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Individual differences |
Methods | Statistics | Clinical | Educational | Industrial | Professional items | World psychology |
Biological: Behavioural genetics · Evolutionary psychology · Neuroanatomy · Neurochemistry · Neuroendocrinology · Neuroscience · Psychoneuroimmunology · Physiological Psychology · Psychopharmacology (Index, Outline)
Unconsciousness, more appropriately referred to as loss of consciousness or lack of consciousness, is a dramatic alteration of mental state that involves complete or near-complete lack of responsiveness to people and other environmental stimuli. Being in a comatose state or coma is an illustration of unconsciousness. Fainting due to a drop in blood pressure and a decrease of the oxygen supply to the brain is an illustration of a temporary loss of consciousness. Loss of consciousness must not be confused with altered states of consciousness, such as delirium (when the person is confused and only partially responsive to the environment), normal sleep, hypnosis, and other altered states in which the person responds to stimuli.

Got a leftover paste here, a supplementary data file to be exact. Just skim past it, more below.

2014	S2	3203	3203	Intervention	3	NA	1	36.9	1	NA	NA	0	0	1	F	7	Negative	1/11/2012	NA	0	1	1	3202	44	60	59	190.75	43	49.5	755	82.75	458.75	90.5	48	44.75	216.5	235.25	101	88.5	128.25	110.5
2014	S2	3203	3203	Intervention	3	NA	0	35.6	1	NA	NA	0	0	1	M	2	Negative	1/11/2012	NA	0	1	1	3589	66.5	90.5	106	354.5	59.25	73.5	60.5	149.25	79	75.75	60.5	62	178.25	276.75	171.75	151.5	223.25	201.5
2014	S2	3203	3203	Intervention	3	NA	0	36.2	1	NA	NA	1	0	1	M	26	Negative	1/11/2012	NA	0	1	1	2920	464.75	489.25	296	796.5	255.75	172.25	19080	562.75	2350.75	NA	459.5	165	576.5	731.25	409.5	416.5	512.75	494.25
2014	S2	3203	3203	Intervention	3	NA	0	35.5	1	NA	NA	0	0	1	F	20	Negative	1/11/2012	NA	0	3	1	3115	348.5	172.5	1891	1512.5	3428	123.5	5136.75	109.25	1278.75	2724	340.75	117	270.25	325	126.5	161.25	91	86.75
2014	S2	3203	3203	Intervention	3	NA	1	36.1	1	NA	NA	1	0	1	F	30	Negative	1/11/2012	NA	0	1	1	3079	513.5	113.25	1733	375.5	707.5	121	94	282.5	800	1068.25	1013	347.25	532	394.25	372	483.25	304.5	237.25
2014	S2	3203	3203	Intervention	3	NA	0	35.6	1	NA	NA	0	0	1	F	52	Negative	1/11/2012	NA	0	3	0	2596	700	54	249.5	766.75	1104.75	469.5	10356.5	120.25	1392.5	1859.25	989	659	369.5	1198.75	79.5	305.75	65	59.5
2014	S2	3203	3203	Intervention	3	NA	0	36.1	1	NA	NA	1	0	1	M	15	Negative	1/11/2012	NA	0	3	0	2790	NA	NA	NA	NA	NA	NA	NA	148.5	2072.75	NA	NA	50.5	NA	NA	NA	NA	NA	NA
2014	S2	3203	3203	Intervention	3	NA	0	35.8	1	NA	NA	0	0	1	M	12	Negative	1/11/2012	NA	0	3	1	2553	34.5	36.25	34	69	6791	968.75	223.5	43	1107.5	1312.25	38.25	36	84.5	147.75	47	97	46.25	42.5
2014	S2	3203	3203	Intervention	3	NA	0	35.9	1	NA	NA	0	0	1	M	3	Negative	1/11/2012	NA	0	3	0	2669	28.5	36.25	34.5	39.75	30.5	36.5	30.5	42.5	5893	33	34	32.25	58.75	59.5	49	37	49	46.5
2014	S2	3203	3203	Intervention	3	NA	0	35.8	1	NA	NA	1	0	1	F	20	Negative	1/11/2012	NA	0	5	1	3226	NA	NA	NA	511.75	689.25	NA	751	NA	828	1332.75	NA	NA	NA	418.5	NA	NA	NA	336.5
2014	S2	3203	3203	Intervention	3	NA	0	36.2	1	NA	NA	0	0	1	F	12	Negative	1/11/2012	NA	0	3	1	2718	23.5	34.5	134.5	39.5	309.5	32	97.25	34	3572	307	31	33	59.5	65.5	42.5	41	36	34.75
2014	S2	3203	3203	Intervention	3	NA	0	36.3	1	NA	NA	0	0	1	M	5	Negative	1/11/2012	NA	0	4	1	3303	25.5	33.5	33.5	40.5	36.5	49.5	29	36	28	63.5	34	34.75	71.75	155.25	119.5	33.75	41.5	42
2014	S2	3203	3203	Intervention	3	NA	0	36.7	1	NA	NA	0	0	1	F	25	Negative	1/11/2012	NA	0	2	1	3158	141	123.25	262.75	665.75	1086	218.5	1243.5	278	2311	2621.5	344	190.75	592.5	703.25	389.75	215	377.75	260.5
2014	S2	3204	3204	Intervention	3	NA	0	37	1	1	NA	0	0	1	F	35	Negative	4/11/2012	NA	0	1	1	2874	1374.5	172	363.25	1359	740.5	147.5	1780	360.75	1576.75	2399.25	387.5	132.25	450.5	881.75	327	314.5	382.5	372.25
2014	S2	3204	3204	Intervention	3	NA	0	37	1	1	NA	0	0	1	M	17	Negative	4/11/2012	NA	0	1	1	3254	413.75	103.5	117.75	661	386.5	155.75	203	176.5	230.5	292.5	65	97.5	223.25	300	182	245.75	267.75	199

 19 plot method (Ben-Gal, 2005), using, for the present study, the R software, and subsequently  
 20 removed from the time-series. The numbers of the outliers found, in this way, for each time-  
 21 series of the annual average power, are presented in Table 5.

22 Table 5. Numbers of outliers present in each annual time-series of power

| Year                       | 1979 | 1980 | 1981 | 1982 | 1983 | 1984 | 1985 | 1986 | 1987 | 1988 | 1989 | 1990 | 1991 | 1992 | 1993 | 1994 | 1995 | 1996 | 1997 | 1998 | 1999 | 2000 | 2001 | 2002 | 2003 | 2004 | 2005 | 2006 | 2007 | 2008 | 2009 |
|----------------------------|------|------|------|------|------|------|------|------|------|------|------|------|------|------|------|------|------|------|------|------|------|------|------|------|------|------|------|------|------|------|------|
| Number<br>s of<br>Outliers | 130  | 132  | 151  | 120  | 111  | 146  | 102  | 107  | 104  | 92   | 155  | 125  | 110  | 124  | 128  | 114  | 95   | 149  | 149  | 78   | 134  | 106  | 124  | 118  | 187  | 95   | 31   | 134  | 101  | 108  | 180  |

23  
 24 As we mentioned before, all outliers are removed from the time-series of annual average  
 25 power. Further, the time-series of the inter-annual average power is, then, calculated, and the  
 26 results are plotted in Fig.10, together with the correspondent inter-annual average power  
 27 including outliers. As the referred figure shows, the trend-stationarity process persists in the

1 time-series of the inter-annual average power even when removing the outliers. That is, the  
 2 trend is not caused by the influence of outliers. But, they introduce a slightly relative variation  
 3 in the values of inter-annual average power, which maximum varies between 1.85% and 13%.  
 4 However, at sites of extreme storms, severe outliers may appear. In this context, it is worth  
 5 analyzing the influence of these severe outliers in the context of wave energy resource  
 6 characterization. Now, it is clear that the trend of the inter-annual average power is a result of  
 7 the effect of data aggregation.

Loss of consciousness may occur as the result of traumatic brain injury, brain hypoxia (e.g., due to a brain infarction or cardiac arrest), severe poisoning with drugs that depress the activity of the central nervous system (e.g., alcohol and other hypnotic or sedative drugs), and other causes.
Law and medicineEdit
In jurisprudence, unconsciousness may entitle the criminal defendant to the defense of automatism, an excusing condition which allows a defendant to argue that they should not be held criminally liable for what would otherwise have been actions or omissions which broke the law. Courts are called upon to consider whether "falling asleep" (especially while driving or during any other safety-critical activity) can be an acceptable defense because natural sleep rarely overcomes an ordinary person without warning; however incidents related to epileptic seizures, neurological dysfunctions and sleepwalking may be considered acceptable excusing conditions because the loss of control may not be foreseeable. For a detailed discussion, see automatism (case law).
On the other hand, someone who is less than fully conscious cannot give consent to anything. This is relevant in the case of sexual behavior (not allowed with such a person), and also in the case of a patient giving informed consent with regard to starting or stopping a treatment, and euthanasia.
- Traumatic brain injury
- Do Not Resuscitate
- Living will
- Shallow water blackoutde:Bewusstseinsstörung